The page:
Aisling Brady McCarthy arrived in her native Ireland Wednesday morning, less than two days after Middlesex prosecutors dropped murder charges in connection with the death of a 1-year-old girl in her care.
Moving with uncharacteristic speed, federal immigration officials arrested the 37-year-old nanny Tuesday to begin deportation procedures, after the criminal charges were dropped. McCarthy had been living in the country illegally since 2002, according to US Immigration and Custom Enforcement, known as ICE.
“Brady McCarthy entered the United States in 2002 under the Visa Waiver Program and never left,” ICE spokesman Shawn Neudauer said in a statement. “As a significant violator of the Visa Waiver Program she is an ICE enforcement priority.”
McCarthy surrendered to federal custody around noon at ICE’s field office in Burlington.
Her attorney, David Meier, said Tuesday night that she left Boston on an evening flight to Ireland.
McCarthy’s flight landed at Shannon Airport early Wednesday, according to the Irish state broadcaster RTE. According to the Irish Independent, McCarthy said “yes” when asked if she was happy to be back in her native country — at which time, she started crying.
She did not make any other comments before leaving the airport, according to the Independent. A car waiting outside the terminal took her to an undetermined location.
Middlesex prosecutors dropped the charges against McCarthy on Monday after the medical examiner’s office changed its conclusion that the death of Cambridge infant Rehma Sabir was a homicide. It came 2½ years after McCarthy was arrested in connection with the child’s death.
The office concluded that the child’s medical history “could have made her prone to easy bleeding with relatively minor trauma,” raising doubts that she was a victim of abusive head trauma.
McCarthy’s defense team had submitted reports from a range of specialists challenging the conclusion that Rehma’s death was a homicide, prompting the medical examiner’s office in April to launch a thorough review of the case.
Medical examiner Katherine Lindstrom said that “enough evidence has been presented to raise the possibility that the bleeding could have been related to an accidental injury in a child with a bleeding risk or possibly could even have been a result of an undefined natural disease.”
The medical examiner’s office, which initially ruled that Rehma had died from blunt force head injuries, received additional information in the case until Aug. 20.
Prosecutors formally dropped the charges after meeting with the Sabir family Monday morning. The child’s parents could not be reached for comment.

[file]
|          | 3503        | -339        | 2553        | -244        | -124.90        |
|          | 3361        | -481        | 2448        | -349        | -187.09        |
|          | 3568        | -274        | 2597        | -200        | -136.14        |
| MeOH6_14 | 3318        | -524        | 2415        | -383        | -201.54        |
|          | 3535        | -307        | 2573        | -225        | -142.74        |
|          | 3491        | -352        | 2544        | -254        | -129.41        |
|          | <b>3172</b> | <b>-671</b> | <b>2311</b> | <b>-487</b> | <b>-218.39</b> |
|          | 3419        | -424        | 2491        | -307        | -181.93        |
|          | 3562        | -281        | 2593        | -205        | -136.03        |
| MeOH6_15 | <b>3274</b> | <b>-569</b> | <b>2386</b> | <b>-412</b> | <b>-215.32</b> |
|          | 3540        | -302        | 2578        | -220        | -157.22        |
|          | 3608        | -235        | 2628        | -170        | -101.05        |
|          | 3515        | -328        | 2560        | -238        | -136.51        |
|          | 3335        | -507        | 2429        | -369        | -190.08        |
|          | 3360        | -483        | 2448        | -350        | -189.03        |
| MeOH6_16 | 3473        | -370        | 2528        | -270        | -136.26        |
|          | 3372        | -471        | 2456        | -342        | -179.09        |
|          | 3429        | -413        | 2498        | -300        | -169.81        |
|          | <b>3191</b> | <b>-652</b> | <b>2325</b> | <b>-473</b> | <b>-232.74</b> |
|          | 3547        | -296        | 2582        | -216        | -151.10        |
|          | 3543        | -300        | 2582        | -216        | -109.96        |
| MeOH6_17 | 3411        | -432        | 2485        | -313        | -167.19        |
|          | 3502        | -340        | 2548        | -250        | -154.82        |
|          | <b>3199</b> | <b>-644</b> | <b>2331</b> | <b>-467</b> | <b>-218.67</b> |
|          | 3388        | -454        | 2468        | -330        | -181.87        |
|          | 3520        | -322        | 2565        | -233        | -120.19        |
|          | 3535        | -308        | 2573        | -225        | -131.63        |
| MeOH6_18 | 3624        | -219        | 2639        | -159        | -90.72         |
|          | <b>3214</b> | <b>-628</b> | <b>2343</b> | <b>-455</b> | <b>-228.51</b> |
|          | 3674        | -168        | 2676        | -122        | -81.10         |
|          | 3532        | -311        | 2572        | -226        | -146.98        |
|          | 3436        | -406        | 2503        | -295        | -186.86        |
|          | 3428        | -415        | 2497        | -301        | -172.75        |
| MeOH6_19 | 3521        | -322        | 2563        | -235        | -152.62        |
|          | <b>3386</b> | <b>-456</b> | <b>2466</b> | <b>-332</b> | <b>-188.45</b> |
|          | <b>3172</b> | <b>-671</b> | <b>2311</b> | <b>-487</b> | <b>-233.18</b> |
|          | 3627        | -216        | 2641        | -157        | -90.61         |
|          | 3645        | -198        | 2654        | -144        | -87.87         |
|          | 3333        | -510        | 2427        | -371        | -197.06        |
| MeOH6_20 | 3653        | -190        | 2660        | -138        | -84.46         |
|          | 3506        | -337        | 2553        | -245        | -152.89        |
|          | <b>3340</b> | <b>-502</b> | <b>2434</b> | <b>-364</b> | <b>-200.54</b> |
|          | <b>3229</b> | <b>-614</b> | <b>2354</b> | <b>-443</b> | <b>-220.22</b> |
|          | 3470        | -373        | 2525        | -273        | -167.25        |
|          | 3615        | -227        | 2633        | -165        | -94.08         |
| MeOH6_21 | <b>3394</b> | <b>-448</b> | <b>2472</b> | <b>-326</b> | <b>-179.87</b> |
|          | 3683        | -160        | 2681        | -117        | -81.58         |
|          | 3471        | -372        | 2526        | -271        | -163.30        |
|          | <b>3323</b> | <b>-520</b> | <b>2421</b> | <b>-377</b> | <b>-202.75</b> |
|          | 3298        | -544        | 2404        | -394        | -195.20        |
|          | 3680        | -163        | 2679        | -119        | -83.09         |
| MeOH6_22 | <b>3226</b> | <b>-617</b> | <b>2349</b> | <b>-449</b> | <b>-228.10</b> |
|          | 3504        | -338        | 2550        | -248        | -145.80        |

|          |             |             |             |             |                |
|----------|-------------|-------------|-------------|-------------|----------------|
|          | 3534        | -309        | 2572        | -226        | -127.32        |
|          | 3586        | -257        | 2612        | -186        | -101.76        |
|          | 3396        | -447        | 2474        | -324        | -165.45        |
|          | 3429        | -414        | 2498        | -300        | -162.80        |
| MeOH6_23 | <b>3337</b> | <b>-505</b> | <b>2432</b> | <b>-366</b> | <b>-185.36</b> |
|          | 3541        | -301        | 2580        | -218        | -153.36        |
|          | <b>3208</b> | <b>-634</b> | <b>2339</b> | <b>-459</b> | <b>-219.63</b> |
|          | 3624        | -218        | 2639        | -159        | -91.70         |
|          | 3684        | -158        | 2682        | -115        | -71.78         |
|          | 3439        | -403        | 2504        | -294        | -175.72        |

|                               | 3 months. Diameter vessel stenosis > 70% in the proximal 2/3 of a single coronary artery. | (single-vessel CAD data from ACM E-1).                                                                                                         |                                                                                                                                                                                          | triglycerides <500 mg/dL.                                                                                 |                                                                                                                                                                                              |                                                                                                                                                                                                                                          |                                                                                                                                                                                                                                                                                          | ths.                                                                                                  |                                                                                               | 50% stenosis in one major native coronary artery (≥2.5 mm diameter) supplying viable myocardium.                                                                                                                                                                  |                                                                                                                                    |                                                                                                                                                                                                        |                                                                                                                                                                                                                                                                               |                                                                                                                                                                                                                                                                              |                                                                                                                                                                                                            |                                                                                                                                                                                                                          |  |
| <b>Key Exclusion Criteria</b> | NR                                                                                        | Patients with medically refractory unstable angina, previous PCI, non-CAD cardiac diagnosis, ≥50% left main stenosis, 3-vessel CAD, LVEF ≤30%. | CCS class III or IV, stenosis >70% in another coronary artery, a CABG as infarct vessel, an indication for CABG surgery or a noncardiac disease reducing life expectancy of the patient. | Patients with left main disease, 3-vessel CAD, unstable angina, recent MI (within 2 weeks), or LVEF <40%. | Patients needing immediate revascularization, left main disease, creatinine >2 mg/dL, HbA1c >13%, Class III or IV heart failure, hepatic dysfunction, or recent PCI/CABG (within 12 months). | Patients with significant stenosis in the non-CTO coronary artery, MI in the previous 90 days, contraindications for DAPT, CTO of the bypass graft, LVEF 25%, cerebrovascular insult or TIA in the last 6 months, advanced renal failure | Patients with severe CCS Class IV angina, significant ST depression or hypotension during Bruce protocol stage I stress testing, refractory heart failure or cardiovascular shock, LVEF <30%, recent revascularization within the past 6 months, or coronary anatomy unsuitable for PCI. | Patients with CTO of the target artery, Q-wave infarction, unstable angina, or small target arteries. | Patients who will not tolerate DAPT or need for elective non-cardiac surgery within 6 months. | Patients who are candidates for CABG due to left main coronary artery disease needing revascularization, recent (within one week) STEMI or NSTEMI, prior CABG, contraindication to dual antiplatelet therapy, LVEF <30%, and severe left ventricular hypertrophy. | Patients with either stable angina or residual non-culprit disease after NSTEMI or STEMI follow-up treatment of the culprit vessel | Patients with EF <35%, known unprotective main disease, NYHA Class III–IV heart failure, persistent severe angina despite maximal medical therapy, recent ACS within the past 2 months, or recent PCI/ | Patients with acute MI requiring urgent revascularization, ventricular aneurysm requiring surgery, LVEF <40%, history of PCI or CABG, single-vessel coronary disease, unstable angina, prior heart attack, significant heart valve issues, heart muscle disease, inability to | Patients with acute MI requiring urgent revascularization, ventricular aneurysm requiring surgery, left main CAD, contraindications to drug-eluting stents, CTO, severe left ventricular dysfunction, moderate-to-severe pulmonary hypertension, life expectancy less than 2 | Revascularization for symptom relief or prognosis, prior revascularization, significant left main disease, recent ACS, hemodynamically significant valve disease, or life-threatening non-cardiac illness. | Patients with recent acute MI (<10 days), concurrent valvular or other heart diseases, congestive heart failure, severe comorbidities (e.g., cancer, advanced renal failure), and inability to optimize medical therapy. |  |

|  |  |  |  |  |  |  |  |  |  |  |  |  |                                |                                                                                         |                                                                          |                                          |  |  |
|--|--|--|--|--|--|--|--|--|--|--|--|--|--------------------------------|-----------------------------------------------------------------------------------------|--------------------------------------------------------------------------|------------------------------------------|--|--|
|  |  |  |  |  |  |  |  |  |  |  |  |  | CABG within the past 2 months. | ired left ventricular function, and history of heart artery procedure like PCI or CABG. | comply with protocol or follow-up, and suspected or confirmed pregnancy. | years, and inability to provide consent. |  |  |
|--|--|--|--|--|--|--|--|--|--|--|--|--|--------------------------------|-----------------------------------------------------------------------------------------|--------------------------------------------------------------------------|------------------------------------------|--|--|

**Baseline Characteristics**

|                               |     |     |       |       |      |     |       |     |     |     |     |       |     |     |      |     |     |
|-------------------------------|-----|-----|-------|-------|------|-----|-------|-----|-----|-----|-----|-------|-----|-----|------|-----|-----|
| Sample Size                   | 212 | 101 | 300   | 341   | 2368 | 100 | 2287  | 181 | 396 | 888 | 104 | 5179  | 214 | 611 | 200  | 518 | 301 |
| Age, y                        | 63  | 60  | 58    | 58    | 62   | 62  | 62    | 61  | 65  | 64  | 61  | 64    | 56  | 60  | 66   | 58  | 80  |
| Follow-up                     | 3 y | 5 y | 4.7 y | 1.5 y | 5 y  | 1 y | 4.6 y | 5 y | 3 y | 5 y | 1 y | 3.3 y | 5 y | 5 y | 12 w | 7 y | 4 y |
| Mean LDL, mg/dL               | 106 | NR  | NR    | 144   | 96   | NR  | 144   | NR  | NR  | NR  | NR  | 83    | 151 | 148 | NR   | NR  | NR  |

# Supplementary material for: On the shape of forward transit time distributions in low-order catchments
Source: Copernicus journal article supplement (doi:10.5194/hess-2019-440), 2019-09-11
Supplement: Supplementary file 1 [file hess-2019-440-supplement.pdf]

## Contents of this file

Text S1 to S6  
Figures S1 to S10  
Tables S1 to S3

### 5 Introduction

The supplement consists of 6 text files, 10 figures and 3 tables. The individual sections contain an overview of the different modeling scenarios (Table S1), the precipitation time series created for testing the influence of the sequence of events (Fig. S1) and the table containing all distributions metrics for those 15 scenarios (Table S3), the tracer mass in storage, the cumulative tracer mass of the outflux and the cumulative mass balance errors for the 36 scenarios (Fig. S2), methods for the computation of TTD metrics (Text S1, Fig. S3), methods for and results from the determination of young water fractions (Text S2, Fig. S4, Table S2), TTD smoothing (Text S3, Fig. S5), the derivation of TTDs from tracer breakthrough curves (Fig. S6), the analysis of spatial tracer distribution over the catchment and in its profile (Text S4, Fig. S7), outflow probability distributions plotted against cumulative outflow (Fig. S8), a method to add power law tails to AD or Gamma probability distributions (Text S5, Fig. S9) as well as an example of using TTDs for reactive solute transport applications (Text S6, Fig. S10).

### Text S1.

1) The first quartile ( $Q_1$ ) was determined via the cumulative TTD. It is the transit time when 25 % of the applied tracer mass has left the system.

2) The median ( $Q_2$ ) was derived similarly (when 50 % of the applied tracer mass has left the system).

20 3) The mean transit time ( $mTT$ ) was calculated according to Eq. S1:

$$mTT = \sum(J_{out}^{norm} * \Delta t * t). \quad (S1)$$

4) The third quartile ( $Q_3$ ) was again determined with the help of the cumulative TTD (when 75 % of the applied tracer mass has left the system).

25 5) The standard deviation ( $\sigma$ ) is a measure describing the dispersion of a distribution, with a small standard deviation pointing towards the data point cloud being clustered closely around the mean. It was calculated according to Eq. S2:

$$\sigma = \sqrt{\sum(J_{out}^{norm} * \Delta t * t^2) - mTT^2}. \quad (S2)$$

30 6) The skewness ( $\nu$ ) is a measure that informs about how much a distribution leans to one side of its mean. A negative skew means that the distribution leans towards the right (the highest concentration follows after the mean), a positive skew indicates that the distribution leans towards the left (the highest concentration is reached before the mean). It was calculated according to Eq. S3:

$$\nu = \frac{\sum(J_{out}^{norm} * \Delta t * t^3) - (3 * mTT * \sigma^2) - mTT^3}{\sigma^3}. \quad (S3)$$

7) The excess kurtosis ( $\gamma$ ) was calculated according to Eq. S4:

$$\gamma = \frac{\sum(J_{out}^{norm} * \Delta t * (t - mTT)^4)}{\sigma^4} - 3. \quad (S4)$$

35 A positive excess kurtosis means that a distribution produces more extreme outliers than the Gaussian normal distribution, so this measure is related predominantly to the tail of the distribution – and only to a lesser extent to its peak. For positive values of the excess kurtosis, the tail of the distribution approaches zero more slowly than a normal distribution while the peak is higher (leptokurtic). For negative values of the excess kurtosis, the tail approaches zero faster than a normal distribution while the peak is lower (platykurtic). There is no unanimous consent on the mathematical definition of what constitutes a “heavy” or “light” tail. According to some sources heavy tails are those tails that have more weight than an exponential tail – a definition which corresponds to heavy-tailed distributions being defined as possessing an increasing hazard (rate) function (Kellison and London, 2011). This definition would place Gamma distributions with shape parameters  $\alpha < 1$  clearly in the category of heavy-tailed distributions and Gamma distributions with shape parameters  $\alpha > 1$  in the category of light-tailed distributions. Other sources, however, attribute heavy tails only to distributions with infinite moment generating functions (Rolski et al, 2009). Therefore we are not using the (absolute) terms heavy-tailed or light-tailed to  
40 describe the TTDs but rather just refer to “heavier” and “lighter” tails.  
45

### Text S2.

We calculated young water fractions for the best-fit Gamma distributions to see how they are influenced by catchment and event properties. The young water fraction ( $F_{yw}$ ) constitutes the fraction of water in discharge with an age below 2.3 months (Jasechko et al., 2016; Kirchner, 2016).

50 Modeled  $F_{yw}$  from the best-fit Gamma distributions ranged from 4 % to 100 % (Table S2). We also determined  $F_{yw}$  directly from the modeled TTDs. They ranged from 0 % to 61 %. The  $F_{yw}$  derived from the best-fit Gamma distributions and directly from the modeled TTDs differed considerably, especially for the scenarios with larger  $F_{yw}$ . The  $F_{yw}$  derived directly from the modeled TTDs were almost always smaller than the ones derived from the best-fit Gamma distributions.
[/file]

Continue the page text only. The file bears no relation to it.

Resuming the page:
Rehma was found unresponsive in her crib on Jan. 14, 2013, after having been in McCarthy’s sole care. She died two days later. Specialists said the child’s brain injuries were acute, and that there was no other medical explanation for her death.
But McCarthy had consistently declared her innocence, and her lawyers said she was the victim of a hasty investigation and a “rush to judgment.”
“The system failed her,” her lawyer, Melinda Thompson, said at a news conference Monday.
Thompson described her client’s time behind bars as “a complete nightmare.”
“She was deteriorating in jail, quite literally,” Thompson said. “She spent her days crying.”
“She can’t get those years back,” she added. “It’s just a disgrace what happened to her.”
In Ireland on Tuesday, news of the dismissal rippled through County Cavan, where McCarthy is from.
“We are all over the moon,” Val Smith, chairman of the Cavan County Council, told The Irish Times. “This is something that we were all supporting for the last 2½ years — her innocence.
“We knew from day one that she was innocent,” Smith said.
But Smith also sounded a note of caution around the idea of celebration. “Aisling has spent two years in jail, so I don’t know how you would celebrate that,” he said.
Luke Waters, a native of Ireland and a former New York Police Department detctive who was advising McCarthy’s relatives on the US justice system, told The Irish Times he had spoken with relatives, who “were very excited, very happy, very relieved. I would just imagine she will just want to move on with her life.”
Dismissal of the charges marks the latest collapse of a shaken-baby prosecution, which has come under increasing scrutiny in recent years.
Deborah Tuerkheimer, a Northwestern University law professor who has written about shaken-baby syndrome, said the publicity around these dismissed cases helps educate law enforcement and medical officials to pause before applying the diagnosis. She said that, too often, any injured baby who shows up in a hospital with a triad of symptoms —- subdural hemorrhage, retinal bleeding, and brain swelling — is immediately considered a victim of shaken-baby syndrome.
“It’s important to maintain humility in the face of these symptoms,” said Tuerkheimer, author of “Flawed Convictions: ‘Shaken Baby Syndrome’ and the Inertia of Injustice.”